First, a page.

Individuals working for a state or local government or a nonprofit are eligible for a 457 retirement plan as long as their employer offers it. In comparison to 401(k), 457 retirement plans are better in many cases.
Both plans have their fair share of similarities, though. Like 401(k), 457 retirement plans offer tax advantages where funding the account with pretax dollars makes them deferred. In other words, you pay taxes only when you withdraw money, not at the time of contributing.
This tax advantage makes 457 deferred compensation plans favorable for government employees and those working for some nonprofits. In a nutshell, 457 retirement plans are the same as 401(k) plans but with them being offered by a government agency or nonprofit. Additionally, some of the rules that apply to a 401(k) don’t apply to 457 retirement plans.
Advantages of 457 retirement plans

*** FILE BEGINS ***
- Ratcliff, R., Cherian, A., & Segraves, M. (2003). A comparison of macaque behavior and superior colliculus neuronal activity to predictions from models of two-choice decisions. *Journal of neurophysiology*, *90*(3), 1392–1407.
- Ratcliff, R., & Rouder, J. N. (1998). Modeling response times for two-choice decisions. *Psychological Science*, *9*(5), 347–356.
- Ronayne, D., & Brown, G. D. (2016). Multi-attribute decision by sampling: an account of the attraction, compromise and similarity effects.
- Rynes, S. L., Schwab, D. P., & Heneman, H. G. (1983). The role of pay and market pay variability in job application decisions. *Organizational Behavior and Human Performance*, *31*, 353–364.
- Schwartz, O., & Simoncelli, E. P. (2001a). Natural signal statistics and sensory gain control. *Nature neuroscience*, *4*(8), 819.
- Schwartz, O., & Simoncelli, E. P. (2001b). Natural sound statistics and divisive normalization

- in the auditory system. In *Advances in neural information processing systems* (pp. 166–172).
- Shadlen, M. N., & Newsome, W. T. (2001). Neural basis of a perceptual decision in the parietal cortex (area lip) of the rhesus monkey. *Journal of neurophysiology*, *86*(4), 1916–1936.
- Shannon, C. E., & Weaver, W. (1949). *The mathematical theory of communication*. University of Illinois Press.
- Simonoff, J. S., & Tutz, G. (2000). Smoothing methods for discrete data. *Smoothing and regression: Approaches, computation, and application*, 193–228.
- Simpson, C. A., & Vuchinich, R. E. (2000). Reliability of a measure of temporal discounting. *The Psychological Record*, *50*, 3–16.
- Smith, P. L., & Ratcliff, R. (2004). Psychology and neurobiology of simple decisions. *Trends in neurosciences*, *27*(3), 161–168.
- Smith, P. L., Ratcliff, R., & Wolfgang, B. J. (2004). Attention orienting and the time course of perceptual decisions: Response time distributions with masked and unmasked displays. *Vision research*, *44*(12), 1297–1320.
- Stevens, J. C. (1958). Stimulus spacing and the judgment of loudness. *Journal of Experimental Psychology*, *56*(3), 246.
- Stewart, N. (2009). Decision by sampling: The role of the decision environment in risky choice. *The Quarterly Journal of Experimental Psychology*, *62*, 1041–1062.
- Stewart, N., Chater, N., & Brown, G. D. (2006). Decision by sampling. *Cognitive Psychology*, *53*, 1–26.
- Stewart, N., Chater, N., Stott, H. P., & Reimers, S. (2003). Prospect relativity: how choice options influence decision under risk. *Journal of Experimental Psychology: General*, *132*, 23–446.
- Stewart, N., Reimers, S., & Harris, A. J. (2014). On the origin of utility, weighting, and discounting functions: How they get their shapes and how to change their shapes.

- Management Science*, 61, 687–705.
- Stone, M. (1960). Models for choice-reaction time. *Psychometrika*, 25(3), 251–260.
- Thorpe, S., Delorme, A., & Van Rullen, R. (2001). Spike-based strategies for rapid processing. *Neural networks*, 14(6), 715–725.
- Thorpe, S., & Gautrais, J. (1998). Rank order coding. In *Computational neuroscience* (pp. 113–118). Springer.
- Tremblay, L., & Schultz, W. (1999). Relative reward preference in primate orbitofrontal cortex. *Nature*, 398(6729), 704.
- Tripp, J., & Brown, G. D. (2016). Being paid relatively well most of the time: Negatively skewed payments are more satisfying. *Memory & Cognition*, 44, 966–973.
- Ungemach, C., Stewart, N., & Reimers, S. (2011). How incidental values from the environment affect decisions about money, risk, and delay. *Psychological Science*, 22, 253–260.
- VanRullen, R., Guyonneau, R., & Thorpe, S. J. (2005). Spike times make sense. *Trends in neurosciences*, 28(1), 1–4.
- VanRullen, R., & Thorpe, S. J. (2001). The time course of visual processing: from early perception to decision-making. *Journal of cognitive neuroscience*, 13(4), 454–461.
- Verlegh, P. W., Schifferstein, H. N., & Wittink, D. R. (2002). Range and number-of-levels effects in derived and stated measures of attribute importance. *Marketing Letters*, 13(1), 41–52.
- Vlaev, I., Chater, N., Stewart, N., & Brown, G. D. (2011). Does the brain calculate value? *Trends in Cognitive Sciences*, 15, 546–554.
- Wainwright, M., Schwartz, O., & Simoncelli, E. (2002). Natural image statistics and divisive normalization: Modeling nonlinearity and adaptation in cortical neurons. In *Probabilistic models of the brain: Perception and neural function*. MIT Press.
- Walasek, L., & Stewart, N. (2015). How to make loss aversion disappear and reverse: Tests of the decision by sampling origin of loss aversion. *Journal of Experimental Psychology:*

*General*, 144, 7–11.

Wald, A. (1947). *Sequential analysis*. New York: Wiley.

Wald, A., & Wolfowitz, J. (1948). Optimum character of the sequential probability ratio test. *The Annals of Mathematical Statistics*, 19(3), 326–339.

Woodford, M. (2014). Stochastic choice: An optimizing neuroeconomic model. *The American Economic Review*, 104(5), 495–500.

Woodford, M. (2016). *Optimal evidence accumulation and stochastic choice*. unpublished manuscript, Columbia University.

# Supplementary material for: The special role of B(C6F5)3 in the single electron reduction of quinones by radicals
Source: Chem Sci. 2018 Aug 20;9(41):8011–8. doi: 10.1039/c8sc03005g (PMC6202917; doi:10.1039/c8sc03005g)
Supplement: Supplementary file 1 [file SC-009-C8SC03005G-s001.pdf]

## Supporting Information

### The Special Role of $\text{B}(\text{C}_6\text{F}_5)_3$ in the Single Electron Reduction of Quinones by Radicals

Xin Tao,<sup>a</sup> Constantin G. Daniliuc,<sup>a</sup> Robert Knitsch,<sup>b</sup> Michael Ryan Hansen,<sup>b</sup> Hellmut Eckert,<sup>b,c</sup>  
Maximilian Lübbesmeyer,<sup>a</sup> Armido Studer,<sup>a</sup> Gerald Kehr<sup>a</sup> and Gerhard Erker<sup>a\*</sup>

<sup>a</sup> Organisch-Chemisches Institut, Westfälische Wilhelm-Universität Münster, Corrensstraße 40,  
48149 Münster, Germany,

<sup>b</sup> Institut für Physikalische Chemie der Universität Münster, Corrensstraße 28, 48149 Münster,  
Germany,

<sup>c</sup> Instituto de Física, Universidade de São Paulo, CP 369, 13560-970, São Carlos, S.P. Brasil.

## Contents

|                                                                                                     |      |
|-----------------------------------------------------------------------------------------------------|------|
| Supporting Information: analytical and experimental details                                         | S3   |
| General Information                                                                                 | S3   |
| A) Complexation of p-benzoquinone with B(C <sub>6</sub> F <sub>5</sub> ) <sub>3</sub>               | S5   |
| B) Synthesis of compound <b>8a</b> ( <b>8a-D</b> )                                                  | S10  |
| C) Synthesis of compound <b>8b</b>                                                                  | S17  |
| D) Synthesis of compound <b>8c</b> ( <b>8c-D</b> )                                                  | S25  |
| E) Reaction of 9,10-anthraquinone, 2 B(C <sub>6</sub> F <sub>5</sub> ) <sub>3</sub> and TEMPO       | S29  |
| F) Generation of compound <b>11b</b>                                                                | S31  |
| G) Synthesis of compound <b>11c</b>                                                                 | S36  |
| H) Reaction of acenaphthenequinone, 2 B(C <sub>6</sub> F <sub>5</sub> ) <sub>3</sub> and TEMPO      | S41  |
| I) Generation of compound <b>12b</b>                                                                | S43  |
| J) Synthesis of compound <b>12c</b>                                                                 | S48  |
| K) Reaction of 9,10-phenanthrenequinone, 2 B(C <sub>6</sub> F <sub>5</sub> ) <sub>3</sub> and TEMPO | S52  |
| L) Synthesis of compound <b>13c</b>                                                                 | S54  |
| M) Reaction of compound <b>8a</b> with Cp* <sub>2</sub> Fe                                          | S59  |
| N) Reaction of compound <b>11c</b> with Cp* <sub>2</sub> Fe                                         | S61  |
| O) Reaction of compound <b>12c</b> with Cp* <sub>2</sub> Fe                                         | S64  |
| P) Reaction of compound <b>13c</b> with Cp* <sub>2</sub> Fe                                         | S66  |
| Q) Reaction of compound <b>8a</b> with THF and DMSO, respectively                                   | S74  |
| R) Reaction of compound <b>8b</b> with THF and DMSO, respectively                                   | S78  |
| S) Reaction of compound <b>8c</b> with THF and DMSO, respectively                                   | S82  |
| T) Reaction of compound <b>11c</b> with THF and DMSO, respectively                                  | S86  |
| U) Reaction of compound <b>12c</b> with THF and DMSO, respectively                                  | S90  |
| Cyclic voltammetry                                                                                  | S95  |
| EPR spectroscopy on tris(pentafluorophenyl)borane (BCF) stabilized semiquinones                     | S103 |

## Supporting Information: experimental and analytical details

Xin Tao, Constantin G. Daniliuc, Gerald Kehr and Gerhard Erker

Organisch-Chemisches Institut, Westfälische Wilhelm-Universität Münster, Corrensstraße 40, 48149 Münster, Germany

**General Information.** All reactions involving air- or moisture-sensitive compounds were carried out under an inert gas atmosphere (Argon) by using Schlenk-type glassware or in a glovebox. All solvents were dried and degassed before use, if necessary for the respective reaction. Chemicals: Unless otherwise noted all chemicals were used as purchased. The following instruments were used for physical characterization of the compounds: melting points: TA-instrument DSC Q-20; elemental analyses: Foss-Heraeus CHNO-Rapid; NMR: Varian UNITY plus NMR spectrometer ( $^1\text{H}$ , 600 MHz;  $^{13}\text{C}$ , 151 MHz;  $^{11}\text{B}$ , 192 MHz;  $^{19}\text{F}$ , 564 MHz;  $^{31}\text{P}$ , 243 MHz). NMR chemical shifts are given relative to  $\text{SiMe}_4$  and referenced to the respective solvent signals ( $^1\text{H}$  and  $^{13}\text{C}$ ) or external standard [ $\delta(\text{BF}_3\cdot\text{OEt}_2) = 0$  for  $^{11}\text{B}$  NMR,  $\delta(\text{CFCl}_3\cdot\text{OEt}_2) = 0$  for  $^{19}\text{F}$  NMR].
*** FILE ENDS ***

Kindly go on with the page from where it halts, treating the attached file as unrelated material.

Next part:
The most significant advantage of 457 plans over a 401(k) is that they don’t have an early withdrawal penalty. Sure enough, you’ll pay taxes on your withdrawals, but you won’t be subject to the 10 percent penalty as 457 plans don’t follow ERISA rules.
Other than these, many of the things that make a 401(k) apply to 457s, such as the contribution limits. The Internal Revenue Service has the same contribution limits to a 457. Throughout 2022, individuals can contribute up to $20,500 to their 457 retirement accounts.
While the contribution limits are the same, another favorable aspect of 457 plans makes them the better choice for many. Despite having access, not everyone has the means to contribute to an employer-sponsored retirement account. So, there are some lost years where an individual could have funded a retirement account but couldn’t or didn’t.
The 457 plans offer a double limit catch-up provision to compensate for this to those nearing retirement. Essentially, you get to contribute double the contribution limit. For example, an individual who’s nearing retirement can contribute up to $41,000 in 2022. This is another reason why many solely fund their 457, although numerous large government employers offer both 457 and 401(k).
If you’re maxing out your 457 but want to contribute to your retirement years even further, you can do so by also funding a 401(k).